Lowell McAdam & Allie Kline | 2018 MAKERS Conference
Lowell McAdam, Chief Executive Officer, Verizon, interviewed by Allie Kline, Chief Marketing Officer, Oath, about making effective change in corporations
PRESENTER: Ladies and gentlemen, Allie Kline and Lowell McAdam.
ALLIE KLINE: Good morning. How are you all? Really? How's it going? After all that data? Yes, we are thrilled to be here and I am thrilled to be here with someone I have tremendous respect and admiration for, Lowell McAdam, who is the CEO and chairman of Verizon. So thank you so much for making time with us.
LOWELL MCADAM: It's great to be here. And I have to say Tim had a great idea to do this conference that he's had you know unbelievable support and people like you that are leading it now. And when I look at who's in the audience, wow, it's a great group. And when I look at I'm glad I'm on first because if I had to come in later I'd disappoint you. So I'm glad to be on and we're glad to support this and we'll continue to support it.
ALLIE KLINE: Awesome, well let's get right to it.
LOWELL MCADAM: OK
ALLIE KLINE: OK. So we're going have some serious talk on then we're going to do some fun stuff.
LOWELL MCADAM: OK good.
ALLIE KLINE: OK. So you are the chairman and CEO of you know Fortune 15 company, one of the most successful companies in the entire world. How do you think about and looking at the data that Joanna just presented or the research a lot of these women in here have the ability and influence to go make those issues a CEO issue? What's the counsel you give to us?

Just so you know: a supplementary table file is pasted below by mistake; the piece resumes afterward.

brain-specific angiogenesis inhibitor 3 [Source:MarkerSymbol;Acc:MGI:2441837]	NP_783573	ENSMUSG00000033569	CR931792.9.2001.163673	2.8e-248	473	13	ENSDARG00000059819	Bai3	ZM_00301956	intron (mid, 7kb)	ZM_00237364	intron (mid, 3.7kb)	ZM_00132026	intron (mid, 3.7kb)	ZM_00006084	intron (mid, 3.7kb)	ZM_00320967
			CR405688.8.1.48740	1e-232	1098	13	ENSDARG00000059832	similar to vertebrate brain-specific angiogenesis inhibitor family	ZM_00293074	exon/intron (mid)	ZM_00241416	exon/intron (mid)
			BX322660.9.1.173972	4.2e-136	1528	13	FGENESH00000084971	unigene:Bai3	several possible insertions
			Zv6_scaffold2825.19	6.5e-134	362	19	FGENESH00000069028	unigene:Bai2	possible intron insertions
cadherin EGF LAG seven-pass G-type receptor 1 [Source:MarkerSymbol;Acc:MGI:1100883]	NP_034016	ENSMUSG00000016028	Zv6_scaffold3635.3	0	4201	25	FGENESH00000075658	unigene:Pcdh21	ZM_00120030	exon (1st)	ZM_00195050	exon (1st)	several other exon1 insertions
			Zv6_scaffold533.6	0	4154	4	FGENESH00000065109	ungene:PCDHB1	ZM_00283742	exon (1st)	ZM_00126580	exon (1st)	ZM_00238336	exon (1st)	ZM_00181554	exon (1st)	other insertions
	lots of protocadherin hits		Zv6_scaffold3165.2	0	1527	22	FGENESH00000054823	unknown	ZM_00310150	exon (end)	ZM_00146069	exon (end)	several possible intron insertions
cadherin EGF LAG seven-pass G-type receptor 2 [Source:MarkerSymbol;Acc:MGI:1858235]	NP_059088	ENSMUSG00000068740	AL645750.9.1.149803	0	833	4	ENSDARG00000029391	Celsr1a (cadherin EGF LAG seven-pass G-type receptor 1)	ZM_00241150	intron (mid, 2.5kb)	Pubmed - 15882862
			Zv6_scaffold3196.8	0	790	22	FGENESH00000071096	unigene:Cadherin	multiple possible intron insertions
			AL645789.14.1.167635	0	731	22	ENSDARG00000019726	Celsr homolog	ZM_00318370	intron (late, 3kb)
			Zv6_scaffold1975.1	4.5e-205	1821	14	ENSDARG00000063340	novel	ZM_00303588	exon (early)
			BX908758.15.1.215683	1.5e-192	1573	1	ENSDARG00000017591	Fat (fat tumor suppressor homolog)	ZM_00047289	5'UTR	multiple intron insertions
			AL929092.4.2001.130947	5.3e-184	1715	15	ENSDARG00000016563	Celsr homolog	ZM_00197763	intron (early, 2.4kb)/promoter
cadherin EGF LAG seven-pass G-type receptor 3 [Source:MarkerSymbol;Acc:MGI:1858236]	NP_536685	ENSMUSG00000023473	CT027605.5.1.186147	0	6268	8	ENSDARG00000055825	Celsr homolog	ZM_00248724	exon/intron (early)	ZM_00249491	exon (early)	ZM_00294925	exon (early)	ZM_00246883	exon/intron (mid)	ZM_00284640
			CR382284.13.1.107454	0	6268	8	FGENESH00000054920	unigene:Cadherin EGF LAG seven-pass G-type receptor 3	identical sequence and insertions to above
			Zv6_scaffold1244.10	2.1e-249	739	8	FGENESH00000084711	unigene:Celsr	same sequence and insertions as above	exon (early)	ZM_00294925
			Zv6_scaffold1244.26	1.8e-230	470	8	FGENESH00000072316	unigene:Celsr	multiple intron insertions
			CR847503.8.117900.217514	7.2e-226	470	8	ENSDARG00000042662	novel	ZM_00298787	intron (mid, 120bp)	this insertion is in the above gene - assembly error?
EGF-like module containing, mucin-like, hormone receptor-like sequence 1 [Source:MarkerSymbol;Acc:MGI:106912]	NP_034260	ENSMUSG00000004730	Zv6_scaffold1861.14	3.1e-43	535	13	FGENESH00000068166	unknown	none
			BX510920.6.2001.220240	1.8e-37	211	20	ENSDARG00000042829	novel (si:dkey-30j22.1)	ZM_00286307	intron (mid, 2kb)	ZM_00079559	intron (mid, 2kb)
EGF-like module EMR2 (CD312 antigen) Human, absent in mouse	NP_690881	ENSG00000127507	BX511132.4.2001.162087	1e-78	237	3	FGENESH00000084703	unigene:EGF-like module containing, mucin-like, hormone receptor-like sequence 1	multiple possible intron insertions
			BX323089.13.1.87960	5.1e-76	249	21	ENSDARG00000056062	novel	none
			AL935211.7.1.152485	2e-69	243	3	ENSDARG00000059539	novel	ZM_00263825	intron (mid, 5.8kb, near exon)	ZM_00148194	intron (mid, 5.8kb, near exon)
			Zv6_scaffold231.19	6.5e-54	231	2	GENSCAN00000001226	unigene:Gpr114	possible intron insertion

LOWELL MCADAM: Well I'll give you an example of this weekend. People ask you know how do I get noticed by the CEO? And I remember when I started out there were Harvard Business Review things about you know make sure you do this and this and this in your career. I went in to Minneapolis for the Super Bowl this weekend and I met with the leaders of the team that brought that network, you know I won't brag about that that'll take too much of our time. But the two biggest leaders of the team on the ground were women. And that's how you get noticed.
We were up triple the volume than we've ever been before. And they took me around and they introduced me to one of their superstars who happened to be born in Romania, educated in Germany, is an immigrant to the US, we work with her to make sure that she's going through all the process. So in that day I saw why immigration's important, why diversity's important. And I think I'd sum it up, Judy Spitz who was our CIO in one of our big business units used to say to me all the time Lowell you'll never win the game if you leave half the team on the bench. And that's sort of the mantra that we've accepted.